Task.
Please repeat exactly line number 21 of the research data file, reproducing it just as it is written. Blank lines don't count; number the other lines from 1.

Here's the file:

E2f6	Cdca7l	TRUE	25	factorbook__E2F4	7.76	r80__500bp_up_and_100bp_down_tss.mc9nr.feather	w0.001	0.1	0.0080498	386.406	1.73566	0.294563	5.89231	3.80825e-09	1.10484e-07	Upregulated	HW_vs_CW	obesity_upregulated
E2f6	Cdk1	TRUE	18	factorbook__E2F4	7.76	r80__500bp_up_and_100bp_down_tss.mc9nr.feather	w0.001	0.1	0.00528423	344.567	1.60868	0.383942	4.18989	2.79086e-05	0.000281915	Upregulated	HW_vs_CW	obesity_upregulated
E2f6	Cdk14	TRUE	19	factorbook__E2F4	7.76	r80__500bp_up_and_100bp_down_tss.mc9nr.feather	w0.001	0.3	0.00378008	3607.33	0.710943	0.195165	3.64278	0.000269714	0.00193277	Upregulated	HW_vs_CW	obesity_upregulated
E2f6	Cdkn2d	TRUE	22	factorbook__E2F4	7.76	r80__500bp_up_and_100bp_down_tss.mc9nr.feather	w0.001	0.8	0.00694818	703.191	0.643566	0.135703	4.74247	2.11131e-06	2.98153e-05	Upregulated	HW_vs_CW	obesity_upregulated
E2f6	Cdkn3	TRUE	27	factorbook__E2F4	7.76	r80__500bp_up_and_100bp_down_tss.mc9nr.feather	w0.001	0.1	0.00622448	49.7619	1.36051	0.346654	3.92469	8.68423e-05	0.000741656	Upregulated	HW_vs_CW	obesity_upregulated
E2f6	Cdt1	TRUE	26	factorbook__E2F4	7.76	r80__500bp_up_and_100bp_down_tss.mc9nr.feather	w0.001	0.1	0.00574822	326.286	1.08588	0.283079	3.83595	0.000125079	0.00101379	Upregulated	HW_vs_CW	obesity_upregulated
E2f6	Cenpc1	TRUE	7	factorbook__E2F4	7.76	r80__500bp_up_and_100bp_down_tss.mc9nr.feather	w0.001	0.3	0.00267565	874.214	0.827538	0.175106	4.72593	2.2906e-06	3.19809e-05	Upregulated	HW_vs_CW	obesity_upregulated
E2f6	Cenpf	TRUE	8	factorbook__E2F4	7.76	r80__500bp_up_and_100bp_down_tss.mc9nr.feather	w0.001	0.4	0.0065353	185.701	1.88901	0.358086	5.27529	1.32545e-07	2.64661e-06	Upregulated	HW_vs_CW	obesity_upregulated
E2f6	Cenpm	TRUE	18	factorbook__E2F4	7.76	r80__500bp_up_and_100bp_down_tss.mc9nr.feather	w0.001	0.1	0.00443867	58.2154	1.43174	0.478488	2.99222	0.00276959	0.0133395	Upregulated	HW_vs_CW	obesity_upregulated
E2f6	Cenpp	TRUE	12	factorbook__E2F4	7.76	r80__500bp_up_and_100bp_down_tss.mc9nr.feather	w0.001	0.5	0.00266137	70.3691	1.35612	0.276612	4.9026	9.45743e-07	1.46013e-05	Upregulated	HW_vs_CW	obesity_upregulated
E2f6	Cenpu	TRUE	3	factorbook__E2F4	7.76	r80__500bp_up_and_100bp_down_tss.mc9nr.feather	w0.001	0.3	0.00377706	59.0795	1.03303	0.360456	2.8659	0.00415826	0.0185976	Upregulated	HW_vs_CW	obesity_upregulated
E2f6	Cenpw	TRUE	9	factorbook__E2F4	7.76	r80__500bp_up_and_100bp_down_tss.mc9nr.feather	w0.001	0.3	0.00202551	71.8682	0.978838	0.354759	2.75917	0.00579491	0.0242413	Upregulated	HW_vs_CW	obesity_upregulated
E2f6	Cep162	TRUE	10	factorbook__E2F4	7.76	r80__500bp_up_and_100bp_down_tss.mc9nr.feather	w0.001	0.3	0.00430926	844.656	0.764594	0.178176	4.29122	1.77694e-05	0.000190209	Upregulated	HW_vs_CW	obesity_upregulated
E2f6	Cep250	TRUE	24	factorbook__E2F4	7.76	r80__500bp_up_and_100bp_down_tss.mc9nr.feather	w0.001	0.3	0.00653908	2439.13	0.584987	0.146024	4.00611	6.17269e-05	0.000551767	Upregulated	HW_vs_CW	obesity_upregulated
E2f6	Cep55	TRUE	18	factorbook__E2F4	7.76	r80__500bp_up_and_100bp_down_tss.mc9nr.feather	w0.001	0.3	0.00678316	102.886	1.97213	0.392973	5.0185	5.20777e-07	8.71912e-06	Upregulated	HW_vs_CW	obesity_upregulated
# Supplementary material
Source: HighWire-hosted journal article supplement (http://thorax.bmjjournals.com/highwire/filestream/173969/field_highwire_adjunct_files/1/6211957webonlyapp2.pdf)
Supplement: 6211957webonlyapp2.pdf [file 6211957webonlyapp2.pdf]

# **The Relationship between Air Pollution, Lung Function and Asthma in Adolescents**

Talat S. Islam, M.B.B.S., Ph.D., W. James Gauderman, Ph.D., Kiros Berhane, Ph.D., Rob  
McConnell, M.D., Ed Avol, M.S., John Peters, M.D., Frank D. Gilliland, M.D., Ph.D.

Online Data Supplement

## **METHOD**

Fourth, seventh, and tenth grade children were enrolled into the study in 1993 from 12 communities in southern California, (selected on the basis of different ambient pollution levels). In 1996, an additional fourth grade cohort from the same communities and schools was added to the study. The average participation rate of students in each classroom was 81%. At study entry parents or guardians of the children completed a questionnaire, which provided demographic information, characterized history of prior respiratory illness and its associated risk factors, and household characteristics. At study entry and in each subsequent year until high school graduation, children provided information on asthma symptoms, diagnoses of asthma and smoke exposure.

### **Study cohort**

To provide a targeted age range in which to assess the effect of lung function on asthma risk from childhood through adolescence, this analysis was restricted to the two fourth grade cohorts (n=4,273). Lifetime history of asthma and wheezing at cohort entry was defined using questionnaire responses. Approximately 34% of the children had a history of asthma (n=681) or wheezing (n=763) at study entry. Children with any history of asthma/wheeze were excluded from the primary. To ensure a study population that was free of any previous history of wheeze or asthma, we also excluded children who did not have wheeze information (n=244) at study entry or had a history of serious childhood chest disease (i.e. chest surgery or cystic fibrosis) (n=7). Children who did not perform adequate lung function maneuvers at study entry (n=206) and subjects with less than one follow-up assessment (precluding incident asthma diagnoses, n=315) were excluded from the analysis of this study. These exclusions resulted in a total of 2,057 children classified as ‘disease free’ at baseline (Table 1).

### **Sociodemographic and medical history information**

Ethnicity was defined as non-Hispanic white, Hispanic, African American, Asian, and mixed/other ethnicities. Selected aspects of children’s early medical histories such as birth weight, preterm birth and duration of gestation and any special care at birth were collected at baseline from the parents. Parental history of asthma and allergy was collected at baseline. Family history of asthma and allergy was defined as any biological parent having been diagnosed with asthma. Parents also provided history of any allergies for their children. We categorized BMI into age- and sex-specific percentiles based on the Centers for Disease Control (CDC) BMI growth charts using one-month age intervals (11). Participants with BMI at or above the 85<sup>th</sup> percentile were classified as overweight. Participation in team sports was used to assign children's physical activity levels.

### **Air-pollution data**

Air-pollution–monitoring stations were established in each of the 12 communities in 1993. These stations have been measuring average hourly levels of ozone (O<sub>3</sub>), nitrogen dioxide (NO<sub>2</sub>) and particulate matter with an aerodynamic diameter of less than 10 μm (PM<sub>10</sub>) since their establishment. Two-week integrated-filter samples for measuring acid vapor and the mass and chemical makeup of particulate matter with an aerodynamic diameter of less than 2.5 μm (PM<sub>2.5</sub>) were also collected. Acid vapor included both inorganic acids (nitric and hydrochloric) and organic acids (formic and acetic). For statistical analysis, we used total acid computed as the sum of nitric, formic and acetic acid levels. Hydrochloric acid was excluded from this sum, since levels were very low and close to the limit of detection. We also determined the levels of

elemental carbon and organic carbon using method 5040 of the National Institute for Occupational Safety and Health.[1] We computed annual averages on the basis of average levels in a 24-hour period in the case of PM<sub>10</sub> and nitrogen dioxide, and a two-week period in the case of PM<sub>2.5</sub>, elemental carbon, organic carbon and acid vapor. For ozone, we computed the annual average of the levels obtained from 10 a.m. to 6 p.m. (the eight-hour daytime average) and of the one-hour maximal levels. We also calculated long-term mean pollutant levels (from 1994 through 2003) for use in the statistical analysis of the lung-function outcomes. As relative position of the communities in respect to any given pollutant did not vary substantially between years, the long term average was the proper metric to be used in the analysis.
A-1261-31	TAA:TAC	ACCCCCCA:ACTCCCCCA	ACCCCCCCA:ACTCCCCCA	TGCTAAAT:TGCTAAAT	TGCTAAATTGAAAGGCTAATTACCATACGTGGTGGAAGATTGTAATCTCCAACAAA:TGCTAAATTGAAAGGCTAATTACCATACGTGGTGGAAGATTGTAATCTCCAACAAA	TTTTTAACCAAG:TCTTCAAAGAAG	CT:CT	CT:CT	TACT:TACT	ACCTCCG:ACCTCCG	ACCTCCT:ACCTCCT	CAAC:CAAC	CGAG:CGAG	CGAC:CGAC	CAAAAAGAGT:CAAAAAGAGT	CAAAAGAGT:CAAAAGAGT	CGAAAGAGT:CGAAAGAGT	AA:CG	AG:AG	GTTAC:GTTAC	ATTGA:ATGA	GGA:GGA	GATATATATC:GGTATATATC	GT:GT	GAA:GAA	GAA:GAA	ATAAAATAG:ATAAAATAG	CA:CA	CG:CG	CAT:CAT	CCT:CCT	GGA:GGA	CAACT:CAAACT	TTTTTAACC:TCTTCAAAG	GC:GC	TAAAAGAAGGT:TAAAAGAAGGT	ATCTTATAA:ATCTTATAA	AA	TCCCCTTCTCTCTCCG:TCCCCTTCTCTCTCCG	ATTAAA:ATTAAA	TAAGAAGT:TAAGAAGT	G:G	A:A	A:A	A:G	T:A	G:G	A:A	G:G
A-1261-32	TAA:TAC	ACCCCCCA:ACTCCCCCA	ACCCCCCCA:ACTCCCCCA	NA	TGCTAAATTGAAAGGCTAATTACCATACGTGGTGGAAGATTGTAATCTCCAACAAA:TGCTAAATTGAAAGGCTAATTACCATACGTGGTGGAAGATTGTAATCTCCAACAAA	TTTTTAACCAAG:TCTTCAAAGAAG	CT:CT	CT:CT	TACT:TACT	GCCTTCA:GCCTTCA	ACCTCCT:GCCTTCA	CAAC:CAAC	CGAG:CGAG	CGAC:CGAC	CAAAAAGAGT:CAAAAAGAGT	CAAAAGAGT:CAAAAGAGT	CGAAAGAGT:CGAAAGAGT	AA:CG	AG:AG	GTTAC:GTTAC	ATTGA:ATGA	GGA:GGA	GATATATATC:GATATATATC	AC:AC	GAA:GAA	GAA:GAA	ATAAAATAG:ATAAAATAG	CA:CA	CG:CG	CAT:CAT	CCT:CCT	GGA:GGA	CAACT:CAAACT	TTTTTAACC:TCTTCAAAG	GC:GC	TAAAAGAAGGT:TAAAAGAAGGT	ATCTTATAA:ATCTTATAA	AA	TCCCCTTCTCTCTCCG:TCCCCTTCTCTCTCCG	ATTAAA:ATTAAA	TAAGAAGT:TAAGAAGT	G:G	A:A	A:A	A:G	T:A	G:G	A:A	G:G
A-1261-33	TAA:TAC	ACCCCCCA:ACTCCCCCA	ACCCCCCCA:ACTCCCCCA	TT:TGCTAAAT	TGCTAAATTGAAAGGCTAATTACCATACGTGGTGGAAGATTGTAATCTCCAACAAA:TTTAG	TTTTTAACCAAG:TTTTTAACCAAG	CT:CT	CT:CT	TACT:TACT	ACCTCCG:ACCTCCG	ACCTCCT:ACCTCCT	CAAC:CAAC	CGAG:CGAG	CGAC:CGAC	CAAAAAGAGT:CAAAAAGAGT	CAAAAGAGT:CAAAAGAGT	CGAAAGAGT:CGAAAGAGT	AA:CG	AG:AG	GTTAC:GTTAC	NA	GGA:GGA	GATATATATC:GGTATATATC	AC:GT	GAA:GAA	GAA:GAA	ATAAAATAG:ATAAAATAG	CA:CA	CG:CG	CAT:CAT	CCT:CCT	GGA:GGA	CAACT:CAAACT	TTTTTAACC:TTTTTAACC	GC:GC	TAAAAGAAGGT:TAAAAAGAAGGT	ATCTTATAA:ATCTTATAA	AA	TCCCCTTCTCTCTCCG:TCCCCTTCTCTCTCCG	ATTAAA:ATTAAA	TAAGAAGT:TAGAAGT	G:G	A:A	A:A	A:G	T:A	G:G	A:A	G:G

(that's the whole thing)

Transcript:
McConnell, M.D., Ed Avol, M.S., John Peters, M.D., Frank D. Gilliland, M.D., Ph.D.